As the old saying goes, if you want to make money gambling, buy a casino -- the theory being that even those gamblers lucky enough to start off winning are destined to get greedy and eventually give it all back -- and then some.
But as recent history has shown, even big-time Las Vegas casino owners are not immune to a little avarice.
In the late 1980s, Vegas began betting heavily on the dot.com and housing bubble boomers, scrapping the more family-friendly atmosphere of the 1970s in favor of glitzy, over-the-top mega resorts replete with celebrity restaurants, full-service spas and high-end shopping arcades.
For about 15 years, they raked in the profits. But then came the global recession, and Vegas effectively "sevened out." Visitor numbers -- especially those all-important conventioneers -- headed south, taking casino revenues with them. Confronted with sustained losses, Vegas had little choice but to come down off its high-rolling horse and deal the average Joe back in. So if you thought you couldn't afford the new Vegas, think again. As the Las Vegas Convention and Visitors Authority's new national ad campaign attests, it's definitely a buyer's market now, especially for those with flexibility, patience and willpower.
Nothing is more conducive to saving big bucks in Las Vegas than going during the so-called "off season" -- from November to June -- when airfares, room rates and rental car prices all bottom out, and the savings can be significant.
Airfares: With more than a dozen airlines and three airports to choose from, New Yorkers are luckier than most when it comes to finding low-cost options. Flexibility is key -- be prepared to take an early morning or evening flight midweek and put up with connections and perhaps the dreaded red-eye return. If you can handle that, you can probably find something in the low $300 range all the way through May.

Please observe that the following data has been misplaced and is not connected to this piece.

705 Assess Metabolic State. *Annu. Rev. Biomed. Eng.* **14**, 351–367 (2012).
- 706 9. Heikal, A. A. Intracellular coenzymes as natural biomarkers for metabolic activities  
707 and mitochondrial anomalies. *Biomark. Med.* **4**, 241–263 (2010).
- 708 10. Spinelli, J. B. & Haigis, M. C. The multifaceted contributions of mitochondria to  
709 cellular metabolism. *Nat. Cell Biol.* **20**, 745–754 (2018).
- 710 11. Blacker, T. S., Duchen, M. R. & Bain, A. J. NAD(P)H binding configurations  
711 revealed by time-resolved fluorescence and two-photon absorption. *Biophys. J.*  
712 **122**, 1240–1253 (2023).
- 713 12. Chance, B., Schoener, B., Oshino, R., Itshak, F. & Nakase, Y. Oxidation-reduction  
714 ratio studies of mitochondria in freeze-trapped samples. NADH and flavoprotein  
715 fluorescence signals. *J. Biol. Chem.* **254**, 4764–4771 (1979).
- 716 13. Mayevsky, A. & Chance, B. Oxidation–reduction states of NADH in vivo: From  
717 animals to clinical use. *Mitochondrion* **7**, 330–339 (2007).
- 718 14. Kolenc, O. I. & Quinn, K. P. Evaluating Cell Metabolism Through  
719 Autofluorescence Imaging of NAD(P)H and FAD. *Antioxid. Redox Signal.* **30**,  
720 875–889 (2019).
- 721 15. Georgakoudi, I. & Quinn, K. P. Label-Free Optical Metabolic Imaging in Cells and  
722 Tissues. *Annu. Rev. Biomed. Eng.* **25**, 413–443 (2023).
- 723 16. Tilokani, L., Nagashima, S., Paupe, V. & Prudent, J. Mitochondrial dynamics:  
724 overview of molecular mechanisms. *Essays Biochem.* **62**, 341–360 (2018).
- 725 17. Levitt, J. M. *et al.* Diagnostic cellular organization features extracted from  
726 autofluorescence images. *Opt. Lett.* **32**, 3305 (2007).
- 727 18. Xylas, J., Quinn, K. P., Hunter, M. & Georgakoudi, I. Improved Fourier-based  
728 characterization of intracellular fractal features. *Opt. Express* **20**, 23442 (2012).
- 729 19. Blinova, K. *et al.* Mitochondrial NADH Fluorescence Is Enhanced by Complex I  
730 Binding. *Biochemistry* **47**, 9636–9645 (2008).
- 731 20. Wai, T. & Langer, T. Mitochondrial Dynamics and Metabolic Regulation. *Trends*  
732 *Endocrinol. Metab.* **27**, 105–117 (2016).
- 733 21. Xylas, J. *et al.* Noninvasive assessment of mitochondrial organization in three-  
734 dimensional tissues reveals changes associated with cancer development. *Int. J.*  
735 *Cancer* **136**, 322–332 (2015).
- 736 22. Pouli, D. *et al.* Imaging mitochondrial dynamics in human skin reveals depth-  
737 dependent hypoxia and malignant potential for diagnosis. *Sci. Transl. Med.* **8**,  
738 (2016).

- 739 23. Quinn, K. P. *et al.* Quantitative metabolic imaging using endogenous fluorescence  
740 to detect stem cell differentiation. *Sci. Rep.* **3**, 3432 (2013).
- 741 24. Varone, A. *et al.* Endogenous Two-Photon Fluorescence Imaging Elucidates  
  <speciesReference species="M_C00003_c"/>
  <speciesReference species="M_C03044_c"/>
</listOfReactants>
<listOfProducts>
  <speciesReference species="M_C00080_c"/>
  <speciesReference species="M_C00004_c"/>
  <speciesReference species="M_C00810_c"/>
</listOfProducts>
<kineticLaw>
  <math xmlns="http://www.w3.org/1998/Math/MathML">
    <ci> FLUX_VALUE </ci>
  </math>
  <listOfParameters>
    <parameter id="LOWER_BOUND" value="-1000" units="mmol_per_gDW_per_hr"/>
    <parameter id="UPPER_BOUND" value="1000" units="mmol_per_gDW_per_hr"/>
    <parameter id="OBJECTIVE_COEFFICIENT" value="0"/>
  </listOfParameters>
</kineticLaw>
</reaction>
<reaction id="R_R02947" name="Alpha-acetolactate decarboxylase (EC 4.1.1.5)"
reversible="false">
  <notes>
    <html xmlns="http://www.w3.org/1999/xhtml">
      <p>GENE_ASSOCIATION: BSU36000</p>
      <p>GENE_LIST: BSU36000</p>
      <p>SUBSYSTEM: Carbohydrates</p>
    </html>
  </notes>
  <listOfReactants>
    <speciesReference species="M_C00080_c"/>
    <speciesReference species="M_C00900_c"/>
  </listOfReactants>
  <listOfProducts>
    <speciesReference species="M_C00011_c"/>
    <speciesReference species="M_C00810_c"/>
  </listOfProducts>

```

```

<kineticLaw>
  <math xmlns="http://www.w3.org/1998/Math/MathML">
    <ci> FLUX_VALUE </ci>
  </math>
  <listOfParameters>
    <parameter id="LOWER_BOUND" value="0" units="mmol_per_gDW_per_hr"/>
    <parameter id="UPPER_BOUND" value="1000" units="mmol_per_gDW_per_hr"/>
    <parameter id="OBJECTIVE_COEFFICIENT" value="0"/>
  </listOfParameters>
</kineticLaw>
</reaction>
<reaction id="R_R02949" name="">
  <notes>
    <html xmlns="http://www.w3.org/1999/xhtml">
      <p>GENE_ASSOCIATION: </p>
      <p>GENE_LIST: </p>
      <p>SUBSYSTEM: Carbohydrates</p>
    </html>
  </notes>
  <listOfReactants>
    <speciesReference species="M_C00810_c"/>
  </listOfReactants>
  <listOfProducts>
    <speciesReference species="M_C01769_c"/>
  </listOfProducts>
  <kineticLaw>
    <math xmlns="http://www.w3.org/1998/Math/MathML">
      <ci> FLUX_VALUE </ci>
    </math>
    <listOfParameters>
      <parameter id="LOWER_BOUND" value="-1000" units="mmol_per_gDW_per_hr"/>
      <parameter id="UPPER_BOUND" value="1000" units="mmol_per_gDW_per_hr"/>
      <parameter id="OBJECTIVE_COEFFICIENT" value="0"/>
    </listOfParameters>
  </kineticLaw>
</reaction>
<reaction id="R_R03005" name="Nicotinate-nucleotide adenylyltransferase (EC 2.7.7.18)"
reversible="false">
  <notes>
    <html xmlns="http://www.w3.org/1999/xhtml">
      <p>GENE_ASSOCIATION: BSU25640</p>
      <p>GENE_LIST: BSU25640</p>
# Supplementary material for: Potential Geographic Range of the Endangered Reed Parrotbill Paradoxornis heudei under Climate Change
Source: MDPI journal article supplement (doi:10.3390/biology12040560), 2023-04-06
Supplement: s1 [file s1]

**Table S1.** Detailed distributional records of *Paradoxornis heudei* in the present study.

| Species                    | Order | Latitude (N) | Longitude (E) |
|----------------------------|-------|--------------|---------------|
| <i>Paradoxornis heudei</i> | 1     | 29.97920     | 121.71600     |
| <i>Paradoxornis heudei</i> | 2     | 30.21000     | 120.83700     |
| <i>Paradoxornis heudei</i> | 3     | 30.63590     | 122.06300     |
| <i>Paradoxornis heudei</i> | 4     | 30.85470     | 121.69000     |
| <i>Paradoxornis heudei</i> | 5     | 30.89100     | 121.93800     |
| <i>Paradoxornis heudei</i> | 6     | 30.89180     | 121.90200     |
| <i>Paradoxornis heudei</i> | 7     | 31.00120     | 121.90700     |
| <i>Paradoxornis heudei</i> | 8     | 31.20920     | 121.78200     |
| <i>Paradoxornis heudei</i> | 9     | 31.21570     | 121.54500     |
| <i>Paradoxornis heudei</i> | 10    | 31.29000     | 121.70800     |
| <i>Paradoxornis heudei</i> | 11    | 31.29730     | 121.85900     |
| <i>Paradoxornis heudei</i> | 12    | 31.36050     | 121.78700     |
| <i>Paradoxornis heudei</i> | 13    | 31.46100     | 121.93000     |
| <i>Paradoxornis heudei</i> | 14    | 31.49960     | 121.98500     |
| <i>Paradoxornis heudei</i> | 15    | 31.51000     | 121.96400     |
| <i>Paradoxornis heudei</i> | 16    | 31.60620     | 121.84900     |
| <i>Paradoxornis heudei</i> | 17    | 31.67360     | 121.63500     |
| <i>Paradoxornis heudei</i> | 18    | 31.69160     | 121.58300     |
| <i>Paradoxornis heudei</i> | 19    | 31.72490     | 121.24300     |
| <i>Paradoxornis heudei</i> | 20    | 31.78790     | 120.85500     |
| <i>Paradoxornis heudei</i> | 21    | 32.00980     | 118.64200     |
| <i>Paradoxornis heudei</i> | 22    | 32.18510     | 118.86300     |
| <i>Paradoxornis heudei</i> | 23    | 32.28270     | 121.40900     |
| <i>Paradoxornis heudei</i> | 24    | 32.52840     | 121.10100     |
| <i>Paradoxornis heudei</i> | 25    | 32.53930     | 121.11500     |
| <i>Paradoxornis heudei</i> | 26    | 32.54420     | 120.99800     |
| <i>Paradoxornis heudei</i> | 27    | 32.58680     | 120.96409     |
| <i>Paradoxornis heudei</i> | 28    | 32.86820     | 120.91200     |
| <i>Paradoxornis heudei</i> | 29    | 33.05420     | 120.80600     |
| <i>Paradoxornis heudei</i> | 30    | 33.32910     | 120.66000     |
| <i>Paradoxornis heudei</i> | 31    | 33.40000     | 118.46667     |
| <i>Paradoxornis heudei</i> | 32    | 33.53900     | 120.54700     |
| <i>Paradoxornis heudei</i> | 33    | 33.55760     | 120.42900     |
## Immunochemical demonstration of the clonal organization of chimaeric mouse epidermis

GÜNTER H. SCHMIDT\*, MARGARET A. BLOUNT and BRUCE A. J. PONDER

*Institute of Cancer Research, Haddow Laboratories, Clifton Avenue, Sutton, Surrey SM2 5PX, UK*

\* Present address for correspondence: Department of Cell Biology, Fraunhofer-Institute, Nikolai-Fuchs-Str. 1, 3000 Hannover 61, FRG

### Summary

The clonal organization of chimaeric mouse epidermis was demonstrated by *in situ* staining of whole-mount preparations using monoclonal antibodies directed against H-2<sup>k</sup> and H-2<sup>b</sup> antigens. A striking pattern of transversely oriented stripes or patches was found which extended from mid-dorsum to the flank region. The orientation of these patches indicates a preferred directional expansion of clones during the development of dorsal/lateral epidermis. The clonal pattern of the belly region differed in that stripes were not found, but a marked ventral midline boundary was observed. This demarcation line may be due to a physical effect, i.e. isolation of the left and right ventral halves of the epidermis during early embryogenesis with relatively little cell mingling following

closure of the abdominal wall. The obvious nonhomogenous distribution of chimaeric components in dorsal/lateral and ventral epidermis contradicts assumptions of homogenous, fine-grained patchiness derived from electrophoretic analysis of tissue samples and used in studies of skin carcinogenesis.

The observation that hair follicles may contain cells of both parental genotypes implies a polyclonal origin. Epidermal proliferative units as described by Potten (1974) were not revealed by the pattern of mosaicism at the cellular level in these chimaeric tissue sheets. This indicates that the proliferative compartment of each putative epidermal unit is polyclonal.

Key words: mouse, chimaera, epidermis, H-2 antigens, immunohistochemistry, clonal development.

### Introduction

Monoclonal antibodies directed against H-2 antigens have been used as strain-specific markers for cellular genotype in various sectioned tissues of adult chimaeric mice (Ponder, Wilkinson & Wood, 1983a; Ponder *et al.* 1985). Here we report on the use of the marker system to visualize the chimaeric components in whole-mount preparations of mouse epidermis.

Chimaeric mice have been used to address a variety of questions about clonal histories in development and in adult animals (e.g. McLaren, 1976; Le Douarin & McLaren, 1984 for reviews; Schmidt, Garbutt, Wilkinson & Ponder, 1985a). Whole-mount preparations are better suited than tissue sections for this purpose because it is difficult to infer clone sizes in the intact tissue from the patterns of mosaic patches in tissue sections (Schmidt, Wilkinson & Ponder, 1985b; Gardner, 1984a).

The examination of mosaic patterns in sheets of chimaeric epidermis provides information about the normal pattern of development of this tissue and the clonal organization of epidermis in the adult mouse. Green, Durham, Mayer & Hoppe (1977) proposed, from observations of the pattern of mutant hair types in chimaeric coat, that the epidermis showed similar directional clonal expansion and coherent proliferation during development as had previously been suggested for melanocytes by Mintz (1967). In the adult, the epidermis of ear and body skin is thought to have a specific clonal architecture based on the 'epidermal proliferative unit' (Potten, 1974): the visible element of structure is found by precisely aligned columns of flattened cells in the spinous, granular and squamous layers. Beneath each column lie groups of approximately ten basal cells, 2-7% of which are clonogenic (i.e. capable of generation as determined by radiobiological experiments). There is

Room rates: The good news is that the average room prices have dropped 22 percent (from $108 to $84) in the past five years. But you still have to shop around, with the best deals generally to be found on the Internet. And the sooner you start looking, the better, since it gives casino hotels the opportunity to send you targeted ads. Three weeks before I traveled in November, I checked prices, which were already quite decent, at a handful of downtown hotels. Several days later, the Las Vegas Club made me an offer I couldn't refuse -- a suite in their north tower for only $30. If you still don't find something you like at a property you fancy, don't hesitate to call them directly and ask: You'll be surprised how often they are willing to deal if there's a good chance the room will go unclaimed.
But look out for those notorious "resort fees" -- mandatory per diem charges (as high as $25) for amenities such as in-room Internet access, access to pools and fitness centers and local phone calls that you would assume come with the room. Designed to increase revenue without sacrificing "amazingly low rates" marketing, resort fees are often so well hidden that guests never notice them -- until they check out. The silver lining: Hotels that don't charge resort fees now clearly highlight that fact.
Cheap food and free entertainment